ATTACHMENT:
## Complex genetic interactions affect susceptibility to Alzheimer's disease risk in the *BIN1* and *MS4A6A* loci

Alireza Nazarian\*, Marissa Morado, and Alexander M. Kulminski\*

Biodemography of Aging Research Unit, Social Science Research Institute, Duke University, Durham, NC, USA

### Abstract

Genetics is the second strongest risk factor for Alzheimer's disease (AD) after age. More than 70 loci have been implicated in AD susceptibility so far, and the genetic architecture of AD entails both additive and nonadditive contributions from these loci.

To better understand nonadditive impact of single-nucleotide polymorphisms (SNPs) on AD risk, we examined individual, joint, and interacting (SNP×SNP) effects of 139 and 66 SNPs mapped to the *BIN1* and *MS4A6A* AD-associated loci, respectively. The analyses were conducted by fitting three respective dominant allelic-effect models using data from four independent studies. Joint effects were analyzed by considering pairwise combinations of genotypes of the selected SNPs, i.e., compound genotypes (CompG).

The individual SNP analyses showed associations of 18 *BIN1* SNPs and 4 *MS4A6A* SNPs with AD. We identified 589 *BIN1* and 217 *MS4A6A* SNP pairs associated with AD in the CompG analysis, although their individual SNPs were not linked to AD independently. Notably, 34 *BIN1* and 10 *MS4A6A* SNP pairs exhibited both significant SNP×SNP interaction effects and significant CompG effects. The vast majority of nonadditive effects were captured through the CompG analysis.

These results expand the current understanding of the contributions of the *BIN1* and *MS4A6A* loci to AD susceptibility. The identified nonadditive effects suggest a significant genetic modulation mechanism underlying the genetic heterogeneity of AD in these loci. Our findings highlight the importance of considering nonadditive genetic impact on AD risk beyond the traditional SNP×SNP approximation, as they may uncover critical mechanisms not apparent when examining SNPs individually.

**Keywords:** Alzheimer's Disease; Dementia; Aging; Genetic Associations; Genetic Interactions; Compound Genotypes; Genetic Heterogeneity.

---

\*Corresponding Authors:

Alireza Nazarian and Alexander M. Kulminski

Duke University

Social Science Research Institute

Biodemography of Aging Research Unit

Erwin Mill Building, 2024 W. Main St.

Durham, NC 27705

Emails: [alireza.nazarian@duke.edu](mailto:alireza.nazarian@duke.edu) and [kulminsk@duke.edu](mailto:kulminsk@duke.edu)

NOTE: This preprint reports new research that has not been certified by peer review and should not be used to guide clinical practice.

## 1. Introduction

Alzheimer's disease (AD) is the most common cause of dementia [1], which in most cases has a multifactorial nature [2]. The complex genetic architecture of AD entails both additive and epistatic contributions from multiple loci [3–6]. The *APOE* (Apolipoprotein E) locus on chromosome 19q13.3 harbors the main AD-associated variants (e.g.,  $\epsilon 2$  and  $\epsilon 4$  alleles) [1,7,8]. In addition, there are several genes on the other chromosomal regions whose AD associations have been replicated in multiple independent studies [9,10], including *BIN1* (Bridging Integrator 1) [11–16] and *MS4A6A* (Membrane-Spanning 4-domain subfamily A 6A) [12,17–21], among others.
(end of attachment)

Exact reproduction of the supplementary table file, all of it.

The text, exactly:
## Complex genetic interactions affect susceptibility to Alzheimer's disease risk in the *BIN1* and *MS4A6A* loci

Alireza Nazarian\*, Marissa Morado, and Alexander M. Kulminski\*

Biodemography of Aging Research Unit, Social Science Research Institute, Duke University, Durham, NC, USA

### Abstract

Genetics is the second strongest risk factor for Alzheimer's disease (AD) after age. More than 70 loci have been implicated in AD susceptibility so far, and the genetic architecture of AD entails both additive and nonadditive contributions from these loci.

To better understand nonadditive impact of single-nucleotide polymorphisms (SNPs) on AD risk, we examined individual, joint, and interacting (SNP×SNP) effects of 139 and 66 SNPs mapped to the *BIN1* and *MS4A6A* AD-associated loci, respectively. The analyses were conducted by fitting three respective dominant allelic-effect models using data from four independent studies. Joint effects were analyzed by considering pairwise combinations of genotypes of the selected SNPs, i.e., compound genotypes (CompG).

The individual SNP analyses showed associations of 18 *BIN1* SNPs and 4 *MS4A6A* SNPs with AD. We identified 589 *BIN1* and 217 *MS4A6A* SNP pairs associated with AD in the CompG analysis, although their individual SNPs were not linked to AD independently. Notably, 34 *BIN1* and 10 *MS4A6A* SNP pairs exhibited both significant SNP×SNP interaction effects and significant CompG effects. The vast majority of nonadditive effects were captured through the CompG analysis.

These results expand the current understanding of the contributions of the *BIN1* and *MS4A6A* loci to AD susceptibility. The identified nonadditive effects suggest a significant genetic modulation mechanism underlying the genetic heterogeneity of AD in these loci. Our findings highlight the importance of considering nonadditive genetic impact on AD risk beyond the traditional SNP×SNP approximation, as they may uncover critical mechanisms not apparent when examining SNPs individually.

**Keywords:** Alzheimer's Disease; Dementia; Aging; Genetic Associations; Genetic Interactions; Compound Genotypes; Genetic Heterogeneity.

---

\*Corresponding Authors:

Alireza Nazarian and Alexander M. Kulminski

Duke University

Social Science Research Institute

Biodemography of Aging Research Unit

Erwin Mill Building, 2024 W. Main St.

Durham, NC 27705

Emails: [alireza.nazarian@duke.edu](mailto:alireza.nazarian@duke.edu) and [kulminsk@duke.edu](mailto:kulminsk@duke.edu)

NOTE: This preprint reports new research that has not been certified by peer review and should not be used to guide clinical practice.

## 1. Introduction

Alzheimer's disease (AD) is the most common cause of dementia [1], which in most cases has a multifactorial nature [2]. The complex genetic architecture of AD entails both additive and epistatic contributions from multiple loci [3–6]. The *APOE* (Apolipoprotein E) locus on chromosome 19q13.3 harbors the main AD-associated variants (e.g.,  $\epsilon 2$  and  $\epsilon 4$  alleles) [1,7,8]. In addition, there are several genes on the other chromosomal regions whose AD associations have been replicated in multiple independent studies [9,10], including *BIN1* (Bridging Integrator 1) [11–16] and *MS4A6A* (Membrane-Spanning 4-domain subfamily A 6A) [12,17–21], among others.